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Thursday 22 Feb 2018 | 08:27 | SYDNEY
Thursday 22 Feb 2018 | 08:27 | SYDNEY

Riyadh’s Shia two-step

Saudi Arabia's Crown Prince Mohammed bin Salman, March 2017 (Photo: Flickr/US Secretary of Defense)

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16 August 2017 15:38

Iraqi Shia Cleric Muqtada al-Sadr's reconciliation tour of Sunni-run Gulf states continued this week, following up his visit to Riyadh to see Saudi Crown Prince Mohammed bin Salman with a visit to the UAE. There he was met by the Crown Prince of Abu Dhabi, Mohammed bin Zayad.

There is little doubt that Gulf states have decided to try a carrot-based approach towards Iraq Shia leaders in attempting to blunt Iranian influence in Iraq, rather than flail around by either ignoring or working against the system. These actions haven't gone unnoticed in Tehran, with the media largely reacting negatively to Saudi Arabia's transparent moves.

It is a common mistake to treat Shia communities anywhere, let alone Iraq, as a homogeneous bloc. When they operate within a sectarian political system, their ideological differences are exacerbated by the normal competition for allies, resources and influence that federal politicking involves. Iranian and Iraqi Shia are both connected and separated by history and geography, and their religious-political leaders have a keen understanding of the way in which regional and local politics works.

Hence Sadr's willingness to be seen to be courted by Gulf Sunni ruling families. Sadr has shown himself in the past to be a particularly flexible politician, and with Iraqi parliamentary elections due next year, he would have understood that it was good politics to be seen in the presence of wealthy Gulf political leaders at the same time as Riyadh is making noises about greater economic links with Iraq.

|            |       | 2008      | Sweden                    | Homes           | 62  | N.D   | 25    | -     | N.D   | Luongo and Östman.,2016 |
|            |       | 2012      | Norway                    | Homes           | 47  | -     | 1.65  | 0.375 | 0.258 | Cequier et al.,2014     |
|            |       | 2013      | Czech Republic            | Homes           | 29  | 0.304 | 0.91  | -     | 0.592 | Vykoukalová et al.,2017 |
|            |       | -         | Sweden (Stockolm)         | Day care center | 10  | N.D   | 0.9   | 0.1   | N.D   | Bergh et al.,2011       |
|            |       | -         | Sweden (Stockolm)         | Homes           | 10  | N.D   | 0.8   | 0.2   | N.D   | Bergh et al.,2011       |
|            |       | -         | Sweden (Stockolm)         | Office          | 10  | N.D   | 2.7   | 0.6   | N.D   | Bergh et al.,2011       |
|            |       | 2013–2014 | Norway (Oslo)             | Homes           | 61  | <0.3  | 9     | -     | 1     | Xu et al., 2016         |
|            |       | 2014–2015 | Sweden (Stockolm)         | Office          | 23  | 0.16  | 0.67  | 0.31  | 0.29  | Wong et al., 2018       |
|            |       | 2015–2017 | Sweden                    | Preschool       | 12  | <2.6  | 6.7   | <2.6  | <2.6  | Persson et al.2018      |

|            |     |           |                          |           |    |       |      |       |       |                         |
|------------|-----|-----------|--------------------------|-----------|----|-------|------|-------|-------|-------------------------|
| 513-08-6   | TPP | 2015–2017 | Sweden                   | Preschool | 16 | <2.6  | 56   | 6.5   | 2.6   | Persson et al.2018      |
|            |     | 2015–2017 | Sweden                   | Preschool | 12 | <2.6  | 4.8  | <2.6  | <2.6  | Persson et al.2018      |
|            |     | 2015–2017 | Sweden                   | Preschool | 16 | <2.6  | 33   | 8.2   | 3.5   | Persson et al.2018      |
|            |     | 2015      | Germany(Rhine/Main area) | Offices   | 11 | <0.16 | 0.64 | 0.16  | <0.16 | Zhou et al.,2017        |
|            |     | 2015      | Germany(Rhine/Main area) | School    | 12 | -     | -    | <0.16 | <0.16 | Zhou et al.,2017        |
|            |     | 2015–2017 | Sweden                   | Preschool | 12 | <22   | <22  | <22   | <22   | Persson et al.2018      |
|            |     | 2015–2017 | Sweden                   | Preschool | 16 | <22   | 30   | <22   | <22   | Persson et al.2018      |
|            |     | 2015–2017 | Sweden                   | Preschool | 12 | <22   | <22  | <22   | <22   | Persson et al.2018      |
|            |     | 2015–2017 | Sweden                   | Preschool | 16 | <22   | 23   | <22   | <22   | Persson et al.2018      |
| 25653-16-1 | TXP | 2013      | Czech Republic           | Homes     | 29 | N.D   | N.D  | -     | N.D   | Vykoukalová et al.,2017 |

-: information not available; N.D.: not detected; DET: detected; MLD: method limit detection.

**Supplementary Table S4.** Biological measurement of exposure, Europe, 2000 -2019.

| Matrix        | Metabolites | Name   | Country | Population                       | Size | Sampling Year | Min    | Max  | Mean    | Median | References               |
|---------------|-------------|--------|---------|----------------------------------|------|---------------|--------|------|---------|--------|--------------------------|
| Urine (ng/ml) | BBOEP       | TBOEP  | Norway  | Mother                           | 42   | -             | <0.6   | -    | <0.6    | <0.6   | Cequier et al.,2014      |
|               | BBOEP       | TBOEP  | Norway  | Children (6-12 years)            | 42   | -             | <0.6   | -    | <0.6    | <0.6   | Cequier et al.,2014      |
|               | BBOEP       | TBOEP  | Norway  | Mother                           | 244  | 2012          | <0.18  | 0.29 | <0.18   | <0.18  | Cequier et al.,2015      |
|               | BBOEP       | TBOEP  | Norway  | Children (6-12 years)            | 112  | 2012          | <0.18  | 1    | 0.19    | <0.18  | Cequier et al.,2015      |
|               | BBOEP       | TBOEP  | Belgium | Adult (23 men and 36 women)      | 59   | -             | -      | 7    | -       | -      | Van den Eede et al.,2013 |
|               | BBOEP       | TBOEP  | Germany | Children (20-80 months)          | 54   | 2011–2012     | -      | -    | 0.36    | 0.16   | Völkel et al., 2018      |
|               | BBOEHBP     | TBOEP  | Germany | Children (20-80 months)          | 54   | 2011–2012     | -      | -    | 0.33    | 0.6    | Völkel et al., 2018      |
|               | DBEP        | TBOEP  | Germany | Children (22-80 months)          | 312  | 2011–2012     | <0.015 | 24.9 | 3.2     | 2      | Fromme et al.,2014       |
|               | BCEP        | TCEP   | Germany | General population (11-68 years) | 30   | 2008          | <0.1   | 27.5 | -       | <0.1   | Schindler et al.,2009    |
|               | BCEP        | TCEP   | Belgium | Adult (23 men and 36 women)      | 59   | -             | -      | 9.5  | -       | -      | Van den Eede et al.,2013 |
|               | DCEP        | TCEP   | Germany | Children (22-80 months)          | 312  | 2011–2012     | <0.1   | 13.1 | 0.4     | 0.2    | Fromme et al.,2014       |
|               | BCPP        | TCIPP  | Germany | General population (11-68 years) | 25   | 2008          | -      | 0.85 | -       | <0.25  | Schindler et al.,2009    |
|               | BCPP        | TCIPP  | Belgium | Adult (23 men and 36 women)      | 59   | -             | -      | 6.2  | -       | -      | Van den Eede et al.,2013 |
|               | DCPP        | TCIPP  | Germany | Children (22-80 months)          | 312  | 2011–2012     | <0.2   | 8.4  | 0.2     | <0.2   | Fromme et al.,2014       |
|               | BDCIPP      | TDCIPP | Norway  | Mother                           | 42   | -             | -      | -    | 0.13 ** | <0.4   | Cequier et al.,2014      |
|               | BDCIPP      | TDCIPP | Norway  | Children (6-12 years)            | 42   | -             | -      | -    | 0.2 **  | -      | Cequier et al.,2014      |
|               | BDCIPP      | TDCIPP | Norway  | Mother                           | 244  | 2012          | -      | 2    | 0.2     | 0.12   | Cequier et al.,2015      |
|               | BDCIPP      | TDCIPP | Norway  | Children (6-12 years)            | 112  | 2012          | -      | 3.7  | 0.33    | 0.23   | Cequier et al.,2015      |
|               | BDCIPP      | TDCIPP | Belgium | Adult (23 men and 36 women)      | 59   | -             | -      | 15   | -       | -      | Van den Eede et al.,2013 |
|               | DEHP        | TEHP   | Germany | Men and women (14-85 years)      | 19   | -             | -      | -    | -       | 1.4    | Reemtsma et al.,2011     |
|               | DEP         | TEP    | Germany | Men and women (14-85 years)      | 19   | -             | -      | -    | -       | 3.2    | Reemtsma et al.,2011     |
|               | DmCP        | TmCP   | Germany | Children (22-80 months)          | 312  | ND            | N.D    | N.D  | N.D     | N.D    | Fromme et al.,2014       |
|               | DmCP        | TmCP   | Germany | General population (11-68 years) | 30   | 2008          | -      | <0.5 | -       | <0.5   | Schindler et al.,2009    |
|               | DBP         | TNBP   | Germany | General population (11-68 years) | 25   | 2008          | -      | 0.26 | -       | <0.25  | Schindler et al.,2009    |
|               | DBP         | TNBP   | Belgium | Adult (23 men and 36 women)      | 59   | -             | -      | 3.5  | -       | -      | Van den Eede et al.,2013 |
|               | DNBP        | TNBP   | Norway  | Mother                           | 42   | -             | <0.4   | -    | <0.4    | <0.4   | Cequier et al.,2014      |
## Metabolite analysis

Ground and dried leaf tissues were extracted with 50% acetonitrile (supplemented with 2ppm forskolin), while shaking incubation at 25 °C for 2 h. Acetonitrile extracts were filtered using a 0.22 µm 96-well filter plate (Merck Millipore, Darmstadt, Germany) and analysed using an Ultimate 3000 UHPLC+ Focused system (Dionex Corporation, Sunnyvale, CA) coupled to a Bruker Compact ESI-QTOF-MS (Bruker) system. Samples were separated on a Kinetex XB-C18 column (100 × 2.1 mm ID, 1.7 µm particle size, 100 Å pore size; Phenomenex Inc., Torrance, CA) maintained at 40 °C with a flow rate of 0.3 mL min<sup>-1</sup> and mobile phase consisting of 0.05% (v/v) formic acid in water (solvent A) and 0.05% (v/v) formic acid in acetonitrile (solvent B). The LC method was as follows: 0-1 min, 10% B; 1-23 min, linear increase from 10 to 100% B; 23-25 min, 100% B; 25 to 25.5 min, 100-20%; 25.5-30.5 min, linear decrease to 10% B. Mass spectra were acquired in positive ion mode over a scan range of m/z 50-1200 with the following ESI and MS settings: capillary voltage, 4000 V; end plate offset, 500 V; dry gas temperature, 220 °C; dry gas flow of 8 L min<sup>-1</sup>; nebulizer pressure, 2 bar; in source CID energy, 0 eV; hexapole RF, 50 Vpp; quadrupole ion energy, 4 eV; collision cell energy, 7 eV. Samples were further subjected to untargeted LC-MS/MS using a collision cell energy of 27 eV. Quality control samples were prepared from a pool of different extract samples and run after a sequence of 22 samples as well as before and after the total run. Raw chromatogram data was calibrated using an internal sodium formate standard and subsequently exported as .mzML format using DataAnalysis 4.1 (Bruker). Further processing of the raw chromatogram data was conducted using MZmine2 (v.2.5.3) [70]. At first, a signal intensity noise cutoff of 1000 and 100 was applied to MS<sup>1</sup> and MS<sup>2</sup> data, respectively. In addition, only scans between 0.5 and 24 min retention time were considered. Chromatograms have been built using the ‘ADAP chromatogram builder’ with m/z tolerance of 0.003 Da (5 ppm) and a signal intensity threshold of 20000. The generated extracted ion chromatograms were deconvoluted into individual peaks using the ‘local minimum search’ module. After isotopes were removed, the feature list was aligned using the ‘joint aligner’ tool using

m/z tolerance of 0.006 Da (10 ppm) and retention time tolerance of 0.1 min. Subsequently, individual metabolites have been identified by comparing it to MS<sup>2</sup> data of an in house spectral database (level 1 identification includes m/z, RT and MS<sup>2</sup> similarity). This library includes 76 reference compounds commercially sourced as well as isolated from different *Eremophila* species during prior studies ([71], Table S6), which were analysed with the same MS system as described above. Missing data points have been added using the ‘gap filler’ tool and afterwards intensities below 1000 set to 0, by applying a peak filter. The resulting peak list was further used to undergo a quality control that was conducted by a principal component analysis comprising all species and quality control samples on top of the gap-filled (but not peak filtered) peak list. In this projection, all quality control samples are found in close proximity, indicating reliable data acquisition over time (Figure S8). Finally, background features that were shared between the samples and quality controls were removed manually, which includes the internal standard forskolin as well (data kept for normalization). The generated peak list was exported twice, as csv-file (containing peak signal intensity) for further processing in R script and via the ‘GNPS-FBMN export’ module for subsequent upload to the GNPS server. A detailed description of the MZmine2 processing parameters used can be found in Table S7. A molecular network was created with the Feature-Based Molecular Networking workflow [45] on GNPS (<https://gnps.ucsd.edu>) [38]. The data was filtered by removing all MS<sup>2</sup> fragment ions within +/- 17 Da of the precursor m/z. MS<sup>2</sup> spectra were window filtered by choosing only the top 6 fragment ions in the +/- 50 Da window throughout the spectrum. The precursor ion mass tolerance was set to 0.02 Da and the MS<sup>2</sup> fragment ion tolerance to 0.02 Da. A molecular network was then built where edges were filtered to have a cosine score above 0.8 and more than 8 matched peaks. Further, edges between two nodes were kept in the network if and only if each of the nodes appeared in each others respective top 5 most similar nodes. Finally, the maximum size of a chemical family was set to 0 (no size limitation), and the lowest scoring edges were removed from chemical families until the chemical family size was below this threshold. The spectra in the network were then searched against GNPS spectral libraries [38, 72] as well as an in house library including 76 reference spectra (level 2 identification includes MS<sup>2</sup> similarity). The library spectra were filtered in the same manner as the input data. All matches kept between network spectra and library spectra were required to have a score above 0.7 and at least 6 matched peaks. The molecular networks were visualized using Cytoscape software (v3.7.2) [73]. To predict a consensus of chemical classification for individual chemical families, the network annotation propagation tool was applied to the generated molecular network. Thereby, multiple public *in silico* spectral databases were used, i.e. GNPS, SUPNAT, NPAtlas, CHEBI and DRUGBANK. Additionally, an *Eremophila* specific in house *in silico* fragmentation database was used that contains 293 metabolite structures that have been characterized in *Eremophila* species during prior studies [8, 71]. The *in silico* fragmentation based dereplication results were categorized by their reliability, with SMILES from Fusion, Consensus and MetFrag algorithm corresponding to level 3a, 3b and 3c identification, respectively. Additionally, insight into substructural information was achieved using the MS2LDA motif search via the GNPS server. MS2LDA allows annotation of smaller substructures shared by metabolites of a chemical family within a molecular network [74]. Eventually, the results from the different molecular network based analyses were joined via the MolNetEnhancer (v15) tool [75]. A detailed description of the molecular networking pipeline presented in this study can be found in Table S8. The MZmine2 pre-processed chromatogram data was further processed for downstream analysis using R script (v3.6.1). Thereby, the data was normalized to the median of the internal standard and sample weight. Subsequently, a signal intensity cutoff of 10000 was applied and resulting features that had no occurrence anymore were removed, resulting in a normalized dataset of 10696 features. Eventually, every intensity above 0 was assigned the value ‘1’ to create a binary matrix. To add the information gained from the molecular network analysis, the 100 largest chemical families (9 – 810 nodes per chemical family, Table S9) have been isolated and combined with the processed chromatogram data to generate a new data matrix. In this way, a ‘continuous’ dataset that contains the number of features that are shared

But we should also not confuse Saudi Arabia's 'carrot' approach towards Iraq's Shia as a major change in response to what it sees as Iranian-inspired adventurism around the region. Rather, it is a small change in tactics. There is still plenty of stick. One need look no further than the Kingdom's Eastern Province, where a rather different Sunni-Shia dynamic is playing out in the sometimes restive province. This time, fighting in the town of Awamiyya (the home town of Sheikh Nimr al-Nimr, the Shia cleric executed in Saudi Arabia last year) has resulted in numerous casualties.

The Arab-Persian-Sunni-Shia-Riyadh-Tehran relationship is a complex one, and the events of recent weeks simply go to show that the complexity continues.

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